Intervention materials: A hypothetical scenario of a doctor's visit - female, reproductive aged participants will be asked to imagine they have been putting on weight easily and finding it hard to lose it, having irregular periods and more pimples than usual, and they go to their doctor to see if there is anything to be concerned about.

The first independent variable is label given ("you are experiencing these symptoms because you have PCOS" vs. "you are experiencing these symptoms because of your weight") and the second independent variable is the explanation given ("genes (DNA) play a major role" vs. "diet and other health behaviours play a major role")

Participants will be randomised to receive one of four hypothetical scenarios.
1) PCOS label + genetic explanation
2) Weight label + genetic explanation
3) PCOS label + environmental explanation
4) Weight label + environmental explanation

The full intervention reads:

Imagine that for the past year you have been putting on weight easily and finding it hard to lose it. You have also noticed that your periods have become quite irregular and you have had more pimples than usual. You visit your general practitioner (GP) to see if there is anything to be concerned about.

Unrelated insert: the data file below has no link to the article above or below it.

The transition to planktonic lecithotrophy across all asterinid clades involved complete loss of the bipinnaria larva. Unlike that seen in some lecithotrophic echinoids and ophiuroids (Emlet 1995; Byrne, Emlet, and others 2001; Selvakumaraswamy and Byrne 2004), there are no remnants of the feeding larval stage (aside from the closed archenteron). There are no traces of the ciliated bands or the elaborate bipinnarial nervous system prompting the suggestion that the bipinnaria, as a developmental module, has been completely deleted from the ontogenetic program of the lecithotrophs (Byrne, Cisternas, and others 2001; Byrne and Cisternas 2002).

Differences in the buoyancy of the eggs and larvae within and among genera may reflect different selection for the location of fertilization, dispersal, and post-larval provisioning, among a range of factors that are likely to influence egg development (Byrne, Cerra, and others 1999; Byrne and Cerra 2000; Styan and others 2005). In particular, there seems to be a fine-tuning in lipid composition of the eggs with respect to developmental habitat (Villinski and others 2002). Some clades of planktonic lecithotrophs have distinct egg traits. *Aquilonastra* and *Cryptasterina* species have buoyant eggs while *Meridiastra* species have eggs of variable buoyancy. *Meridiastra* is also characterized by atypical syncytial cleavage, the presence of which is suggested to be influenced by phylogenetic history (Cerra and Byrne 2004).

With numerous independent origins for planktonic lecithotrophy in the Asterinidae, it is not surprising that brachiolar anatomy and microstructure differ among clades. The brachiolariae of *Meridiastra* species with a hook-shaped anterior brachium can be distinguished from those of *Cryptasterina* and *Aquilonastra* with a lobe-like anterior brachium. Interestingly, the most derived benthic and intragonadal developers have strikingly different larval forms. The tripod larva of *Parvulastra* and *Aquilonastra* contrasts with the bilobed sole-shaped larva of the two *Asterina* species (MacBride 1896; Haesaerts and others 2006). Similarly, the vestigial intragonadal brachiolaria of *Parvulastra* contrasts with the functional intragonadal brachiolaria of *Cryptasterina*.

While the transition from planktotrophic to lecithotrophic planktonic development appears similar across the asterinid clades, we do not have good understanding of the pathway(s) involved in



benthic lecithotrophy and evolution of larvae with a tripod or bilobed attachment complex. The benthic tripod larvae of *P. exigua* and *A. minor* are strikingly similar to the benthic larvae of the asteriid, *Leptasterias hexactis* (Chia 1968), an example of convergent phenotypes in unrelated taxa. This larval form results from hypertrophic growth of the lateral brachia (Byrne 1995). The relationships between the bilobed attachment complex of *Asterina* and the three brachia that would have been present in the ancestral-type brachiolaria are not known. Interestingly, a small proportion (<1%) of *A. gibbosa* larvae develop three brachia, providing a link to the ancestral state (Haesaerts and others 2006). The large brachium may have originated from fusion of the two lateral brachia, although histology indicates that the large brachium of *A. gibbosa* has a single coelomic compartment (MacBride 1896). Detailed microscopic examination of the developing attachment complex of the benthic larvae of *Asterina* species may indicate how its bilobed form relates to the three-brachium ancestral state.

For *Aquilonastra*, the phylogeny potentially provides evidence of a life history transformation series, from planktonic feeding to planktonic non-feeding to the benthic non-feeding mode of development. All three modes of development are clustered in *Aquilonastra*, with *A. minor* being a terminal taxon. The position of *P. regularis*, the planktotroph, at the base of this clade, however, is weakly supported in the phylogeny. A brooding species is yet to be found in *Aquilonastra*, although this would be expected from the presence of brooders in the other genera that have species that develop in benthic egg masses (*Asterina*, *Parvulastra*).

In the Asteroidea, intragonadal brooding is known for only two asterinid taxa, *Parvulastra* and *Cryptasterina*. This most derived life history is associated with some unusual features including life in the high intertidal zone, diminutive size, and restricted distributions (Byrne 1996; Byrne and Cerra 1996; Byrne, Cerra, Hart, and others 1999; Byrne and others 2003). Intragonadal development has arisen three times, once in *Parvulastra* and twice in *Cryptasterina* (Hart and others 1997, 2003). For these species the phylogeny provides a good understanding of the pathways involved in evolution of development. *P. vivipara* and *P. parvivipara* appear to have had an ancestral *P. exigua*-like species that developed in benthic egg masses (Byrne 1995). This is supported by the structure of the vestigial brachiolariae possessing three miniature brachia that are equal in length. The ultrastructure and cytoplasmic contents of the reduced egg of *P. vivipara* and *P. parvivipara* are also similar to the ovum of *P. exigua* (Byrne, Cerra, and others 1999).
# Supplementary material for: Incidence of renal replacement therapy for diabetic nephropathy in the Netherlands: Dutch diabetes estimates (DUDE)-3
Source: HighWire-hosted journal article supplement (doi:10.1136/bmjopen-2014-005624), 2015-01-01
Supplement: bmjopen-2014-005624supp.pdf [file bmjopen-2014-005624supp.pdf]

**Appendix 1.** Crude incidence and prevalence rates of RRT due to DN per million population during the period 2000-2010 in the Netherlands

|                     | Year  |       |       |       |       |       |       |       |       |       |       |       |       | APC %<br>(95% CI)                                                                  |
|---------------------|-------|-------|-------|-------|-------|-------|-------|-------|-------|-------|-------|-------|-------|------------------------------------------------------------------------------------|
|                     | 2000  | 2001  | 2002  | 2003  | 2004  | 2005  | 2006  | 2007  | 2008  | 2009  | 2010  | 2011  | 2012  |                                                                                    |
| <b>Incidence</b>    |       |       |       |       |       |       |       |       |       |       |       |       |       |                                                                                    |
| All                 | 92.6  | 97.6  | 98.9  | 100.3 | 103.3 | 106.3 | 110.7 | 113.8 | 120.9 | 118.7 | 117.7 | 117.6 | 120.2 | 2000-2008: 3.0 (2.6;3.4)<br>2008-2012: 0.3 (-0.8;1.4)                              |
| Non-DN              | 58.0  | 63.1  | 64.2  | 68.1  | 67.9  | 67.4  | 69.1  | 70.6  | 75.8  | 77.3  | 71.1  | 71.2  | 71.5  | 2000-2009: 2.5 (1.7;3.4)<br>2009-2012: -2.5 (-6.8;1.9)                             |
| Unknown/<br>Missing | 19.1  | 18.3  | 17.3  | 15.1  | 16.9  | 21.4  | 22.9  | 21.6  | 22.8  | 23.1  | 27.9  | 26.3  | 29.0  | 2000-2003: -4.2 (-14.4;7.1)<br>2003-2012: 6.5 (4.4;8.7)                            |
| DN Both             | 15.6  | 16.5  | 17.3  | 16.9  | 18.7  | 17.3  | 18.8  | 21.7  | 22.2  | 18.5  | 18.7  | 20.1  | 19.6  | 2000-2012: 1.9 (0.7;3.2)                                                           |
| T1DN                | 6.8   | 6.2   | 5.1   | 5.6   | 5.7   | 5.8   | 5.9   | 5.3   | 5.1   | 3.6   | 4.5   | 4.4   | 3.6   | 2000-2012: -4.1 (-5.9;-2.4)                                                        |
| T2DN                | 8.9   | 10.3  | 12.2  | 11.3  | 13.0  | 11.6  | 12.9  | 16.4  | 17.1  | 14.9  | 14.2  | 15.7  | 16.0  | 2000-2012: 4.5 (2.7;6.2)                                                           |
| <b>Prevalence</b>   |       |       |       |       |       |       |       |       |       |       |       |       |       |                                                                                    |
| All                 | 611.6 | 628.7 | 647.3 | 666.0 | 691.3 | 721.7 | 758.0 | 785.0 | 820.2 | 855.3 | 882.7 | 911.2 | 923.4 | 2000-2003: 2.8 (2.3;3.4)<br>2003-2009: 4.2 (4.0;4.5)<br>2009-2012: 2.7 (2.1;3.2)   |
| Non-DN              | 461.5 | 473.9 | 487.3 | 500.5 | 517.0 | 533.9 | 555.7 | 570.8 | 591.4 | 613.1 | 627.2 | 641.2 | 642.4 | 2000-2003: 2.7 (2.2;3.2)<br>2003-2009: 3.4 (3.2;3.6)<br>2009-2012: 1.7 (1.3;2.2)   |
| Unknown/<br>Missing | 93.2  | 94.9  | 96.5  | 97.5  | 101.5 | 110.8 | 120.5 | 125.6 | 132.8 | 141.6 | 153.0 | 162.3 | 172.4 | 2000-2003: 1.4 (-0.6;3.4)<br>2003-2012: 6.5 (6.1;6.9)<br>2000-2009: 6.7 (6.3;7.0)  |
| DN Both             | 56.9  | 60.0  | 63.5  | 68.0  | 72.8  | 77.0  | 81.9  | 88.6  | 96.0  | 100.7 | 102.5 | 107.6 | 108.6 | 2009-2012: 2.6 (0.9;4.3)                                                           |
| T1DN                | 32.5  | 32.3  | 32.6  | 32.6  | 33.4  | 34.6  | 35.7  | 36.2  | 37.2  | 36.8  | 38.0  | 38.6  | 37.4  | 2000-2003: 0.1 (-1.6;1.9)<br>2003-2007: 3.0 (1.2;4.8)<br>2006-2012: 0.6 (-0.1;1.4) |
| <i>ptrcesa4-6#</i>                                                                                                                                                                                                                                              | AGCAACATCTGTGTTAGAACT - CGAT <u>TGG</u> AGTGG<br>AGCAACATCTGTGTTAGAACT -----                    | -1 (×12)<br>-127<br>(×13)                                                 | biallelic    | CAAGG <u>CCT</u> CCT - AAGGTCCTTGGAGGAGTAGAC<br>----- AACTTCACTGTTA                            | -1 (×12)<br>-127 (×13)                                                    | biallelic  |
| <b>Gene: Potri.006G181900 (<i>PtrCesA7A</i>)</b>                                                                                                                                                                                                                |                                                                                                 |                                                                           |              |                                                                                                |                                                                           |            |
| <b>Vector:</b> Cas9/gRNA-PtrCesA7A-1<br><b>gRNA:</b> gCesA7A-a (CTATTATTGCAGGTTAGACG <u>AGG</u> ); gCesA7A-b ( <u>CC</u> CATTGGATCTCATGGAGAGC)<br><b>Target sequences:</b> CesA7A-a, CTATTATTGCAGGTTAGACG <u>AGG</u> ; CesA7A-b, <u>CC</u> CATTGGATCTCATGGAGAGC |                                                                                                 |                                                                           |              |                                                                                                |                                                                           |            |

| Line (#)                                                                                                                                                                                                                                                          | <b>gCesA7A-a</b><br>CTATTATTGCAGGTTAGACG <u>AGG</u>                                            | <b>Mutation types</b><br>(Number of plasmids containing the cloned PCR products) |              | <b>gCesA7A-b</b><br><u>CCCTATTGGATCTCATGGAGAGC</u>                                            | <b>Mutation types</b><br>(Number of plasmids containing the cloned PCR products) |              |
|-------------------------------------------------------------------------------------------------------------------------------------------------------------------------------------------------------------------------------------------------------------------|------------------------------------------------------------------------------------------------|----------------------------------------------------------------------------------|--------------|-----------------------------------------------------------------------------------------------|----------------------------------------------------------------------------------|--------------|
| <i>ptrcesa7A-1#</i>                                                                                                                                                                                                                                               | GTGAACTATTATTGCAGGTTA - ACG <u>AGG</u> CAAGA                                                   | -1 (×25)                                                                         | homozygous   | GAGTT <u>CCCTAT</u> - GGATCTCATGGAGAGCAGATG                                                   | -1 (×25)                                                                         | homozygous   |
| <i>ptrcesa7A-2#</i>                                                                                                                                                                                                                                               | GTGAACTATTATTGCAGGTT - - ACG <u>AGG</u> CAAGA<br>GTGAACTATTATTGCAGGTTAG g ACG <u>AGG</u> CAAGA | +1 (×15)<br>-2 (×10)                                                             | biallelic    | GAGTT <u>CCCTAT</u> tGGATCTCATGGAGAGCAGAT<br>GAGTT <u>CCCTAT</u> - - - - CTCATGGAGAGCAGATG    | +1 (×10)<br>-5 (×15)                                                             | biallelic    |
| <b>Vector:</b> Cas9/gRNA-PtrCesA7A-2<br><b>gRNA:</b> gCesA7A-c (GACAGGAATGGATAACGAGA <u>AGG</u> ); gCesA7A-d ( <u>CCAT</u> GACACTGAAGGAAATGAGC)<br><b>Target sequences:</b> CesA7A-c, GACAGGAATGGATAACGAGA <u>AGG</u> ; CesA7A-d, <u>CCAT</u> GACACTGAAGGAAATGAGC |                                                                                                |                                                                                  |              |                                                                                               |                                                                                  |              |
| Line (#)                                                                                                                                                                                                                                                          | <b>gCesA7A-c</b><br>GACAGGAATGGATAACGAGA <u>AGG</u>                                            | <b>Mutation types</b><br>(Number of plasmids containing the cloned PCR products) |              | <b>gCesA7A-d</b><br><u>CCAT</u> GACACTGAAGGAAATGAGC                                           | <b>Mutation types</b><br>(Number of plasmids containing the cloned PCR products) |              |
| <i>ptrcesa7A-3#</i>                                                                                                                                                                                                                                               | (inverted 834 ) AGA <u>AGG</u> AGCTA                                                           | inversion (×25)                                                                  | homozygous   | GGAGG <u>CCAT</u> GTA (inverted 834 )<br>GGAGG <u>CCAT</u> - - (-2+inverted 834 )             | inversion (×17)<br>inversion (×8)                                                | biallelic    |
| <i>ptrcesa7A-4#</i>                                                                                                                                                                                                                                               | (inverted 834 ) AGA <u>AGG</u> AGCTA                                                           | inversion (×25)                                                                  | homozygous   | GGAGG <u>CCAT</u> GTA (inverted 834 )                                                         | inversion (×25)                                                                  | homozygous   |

Your GP asks about your symptoms, measures your height and weight, and says… “I think you are experiencing these symptoms because [of your weight/you have Polycystic Ovary Syndrome (PCOS)].” -1st IV

“This is likely due to a mix of factors. However, we now know from recent research that [genes (DNA)/diet and other health behaviours] -2nd IV- play a major role.”

Your GP further explains… “[Being above your healthy weight range/Having PCOS] increases your risk of high blood pressure, reduced fertility and type II diabetes.

You ask your GP what you should do. “Well… guidelines recommend making healthy lifestyle changes to try to lose weight and reduce these risks.”

“I would suggest the first step is to focus on your diet to try to lose weight. This includes eating more fruit and vegetables and less foods high in sugar and saturated fats. For example, less sugary drinks, cakes and pastries, cereals, fatty meat and cream.”